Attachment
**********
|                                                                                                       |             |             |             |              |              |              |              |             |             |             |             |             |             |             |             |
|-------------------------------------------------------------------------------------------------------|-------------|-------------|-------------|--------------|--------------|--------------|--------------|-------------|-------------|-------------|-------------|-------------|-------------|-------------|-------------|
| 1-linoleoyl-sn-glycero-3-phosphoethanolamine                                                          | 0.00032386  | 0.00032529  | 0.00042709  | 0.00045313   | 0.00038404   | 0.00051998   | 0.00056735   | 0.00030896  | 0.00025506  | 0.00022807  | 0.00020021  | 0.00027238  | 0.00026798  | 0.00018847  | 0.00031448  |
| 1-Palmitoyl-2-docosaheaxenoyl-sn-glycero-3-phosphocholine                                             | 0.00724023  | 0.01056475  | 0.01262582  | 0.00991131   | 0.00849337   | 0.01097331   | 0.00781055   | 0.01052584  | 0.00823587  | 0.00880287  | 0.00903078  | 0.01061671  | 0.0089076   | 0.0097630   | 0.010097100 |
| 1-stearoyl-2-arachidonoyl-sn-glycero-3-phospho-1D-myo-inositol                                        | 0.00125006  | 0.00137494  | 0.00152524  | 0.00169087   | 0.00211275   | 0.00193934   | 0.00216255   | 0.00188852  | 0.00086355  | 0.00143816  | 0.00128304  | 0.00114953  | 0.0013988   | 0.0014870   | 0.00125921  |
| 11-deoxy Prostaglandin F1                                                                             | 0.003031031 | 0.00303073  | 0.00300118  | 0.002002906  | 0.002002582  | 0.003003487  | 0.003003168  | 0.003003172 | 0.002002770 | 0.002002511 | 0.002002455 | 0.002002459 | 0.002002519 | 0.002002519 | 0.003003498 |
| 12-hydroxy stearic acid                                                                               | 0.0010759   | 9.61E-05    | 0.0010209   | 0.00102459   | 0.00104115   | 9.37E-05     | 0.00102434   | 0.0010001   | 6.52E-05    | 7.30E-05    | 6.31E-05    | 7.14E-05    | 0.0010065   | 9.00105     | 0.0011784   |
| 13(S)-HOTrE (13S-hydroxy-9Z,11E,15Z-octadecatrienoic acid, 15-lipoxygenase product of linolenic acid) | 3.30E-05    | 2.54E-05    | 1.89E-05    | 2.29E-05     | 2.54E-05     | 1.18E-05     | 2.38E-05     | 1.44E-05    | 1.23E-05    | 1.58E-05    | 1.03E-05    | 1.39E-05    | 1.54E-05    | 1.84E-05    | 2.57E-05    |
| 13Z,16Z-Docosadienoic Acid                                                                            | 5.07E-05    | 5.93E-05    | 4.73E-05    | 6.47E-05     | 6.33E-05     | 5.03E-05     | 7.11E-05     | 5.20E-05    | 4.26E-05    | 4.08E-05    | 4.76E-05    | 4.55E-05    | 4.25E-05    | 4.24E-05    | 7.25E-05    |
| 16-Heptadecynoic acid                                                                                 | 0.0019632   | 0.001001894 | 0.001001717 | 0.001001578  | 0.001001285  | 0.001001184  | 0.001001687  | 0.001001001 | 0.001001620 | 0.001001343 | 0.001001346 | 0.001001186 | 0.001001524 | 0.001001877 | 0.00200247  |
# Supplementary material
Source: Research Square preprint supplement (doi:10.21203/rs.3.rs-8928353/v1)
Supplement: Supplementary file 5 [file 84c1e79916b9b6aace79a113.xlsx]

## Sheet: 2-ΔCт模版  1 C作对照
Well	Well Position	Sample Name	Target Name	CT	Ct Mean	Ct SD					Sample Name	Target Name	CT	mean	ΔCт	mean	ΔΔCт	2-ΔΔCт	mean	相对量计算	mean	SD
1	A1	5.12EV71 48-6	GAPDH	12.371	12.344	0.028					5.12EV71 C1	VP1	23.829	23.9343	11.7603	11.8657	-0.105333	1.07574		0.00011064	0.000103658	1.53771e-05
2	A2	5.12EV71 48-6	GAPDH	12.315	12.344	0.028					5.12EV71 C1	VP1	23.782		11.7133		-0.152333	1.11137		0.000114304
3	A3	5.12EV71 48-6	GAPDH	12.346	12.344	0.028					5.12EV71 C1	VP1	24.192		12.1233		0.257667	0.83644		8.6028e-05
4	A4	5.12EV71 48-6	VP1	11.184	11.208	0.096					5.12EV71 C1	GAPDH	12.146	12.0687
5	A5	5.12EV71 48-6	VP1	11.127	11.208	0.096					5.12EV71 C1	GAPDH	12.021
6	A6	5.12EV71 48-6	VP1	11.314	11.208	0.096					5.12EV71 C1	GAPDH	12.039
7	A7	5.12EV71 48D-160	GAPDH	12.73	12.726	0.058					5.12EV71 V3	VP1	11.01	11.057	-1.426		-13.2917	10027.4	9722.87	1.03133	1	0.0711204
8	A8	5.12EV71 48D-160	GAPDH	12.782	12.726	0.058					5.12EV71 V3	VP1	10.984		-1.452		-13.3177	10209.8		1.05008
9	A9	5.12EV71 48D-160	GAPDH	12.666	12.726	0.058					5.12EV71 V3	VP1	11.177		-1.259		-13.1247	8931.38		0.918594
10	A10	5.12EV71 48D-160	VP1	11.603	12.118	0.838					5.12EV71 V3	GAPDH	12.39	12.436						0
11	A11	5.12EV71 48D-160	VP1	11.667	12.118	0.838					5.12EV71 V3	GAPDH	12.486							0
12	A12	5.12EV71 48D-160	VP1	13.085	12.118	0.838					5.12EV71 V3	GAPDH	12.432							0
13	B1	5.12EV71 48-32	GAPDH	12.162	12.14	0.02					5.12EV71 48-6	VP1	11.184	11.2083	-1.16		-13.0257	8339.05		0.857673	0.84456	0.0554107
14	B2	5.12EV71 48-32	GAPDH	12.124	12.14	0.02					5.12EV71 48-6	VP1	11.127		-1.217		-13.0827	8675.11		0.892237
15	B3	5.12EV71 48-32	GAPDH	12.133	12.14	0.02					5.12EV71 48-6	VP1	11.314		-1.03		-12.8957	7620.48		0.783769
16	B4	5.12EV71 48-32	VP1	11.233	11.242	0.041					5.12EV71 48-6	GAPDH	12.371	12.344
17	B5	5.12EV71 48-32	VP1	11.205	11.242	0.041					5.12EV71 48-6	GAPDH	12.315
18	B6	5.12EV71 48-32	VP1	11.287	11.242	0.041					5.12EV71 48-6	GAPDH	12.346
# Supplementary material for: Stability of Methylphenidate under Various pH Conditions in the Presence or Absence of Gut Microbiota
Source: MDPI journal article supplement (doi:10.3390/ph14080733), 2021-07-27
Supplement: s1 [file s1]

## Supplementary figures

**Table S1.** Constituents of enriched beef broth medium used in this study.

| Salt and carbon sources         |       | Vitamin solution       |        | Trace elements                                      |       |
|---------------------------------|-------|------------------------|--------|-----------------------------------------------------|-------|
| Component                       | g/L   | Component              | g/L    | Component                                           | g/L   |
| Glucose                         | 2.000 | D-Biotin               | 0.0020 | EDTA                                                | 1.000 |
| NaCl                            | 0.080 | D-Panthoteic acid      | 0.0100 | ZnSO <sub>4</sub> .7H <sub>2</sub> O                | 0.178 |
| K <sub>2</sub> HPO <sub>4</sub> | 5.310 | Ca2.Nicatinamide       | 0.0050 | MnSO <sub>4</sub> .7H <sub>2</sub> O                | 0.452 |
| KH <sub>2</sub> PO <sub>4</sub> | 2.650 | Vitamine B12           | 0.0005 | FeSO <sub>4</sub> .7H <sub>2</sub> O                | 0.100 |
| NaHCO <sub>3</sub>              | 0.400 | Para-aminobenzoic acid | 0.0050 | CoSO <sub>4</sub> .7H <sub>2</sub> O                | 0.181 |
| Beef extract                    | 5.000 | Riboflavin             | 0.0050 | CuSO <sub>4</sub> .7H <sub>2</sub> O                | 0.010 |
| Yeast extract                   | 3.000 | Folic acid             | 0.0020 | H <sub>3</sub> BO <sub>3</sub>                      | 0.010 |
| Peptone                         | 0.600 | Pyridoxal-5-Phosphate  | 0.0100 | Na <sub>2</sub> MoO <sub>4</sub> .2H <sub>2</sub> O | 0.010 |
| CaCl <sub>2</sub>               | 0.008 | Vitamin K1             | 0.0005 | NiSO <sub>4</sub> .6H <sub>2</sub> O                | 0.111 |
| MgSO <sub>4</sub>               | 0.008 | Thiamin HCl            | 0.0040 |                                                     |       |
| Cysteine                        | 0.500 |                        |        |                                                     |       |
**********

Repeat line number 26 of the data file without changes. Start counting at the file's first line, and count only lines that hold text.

11	A11	5.12EV71 48D-160	VP1	11.667	12.118	0.838					5.12EV71 V3	GAPDH	12.486							0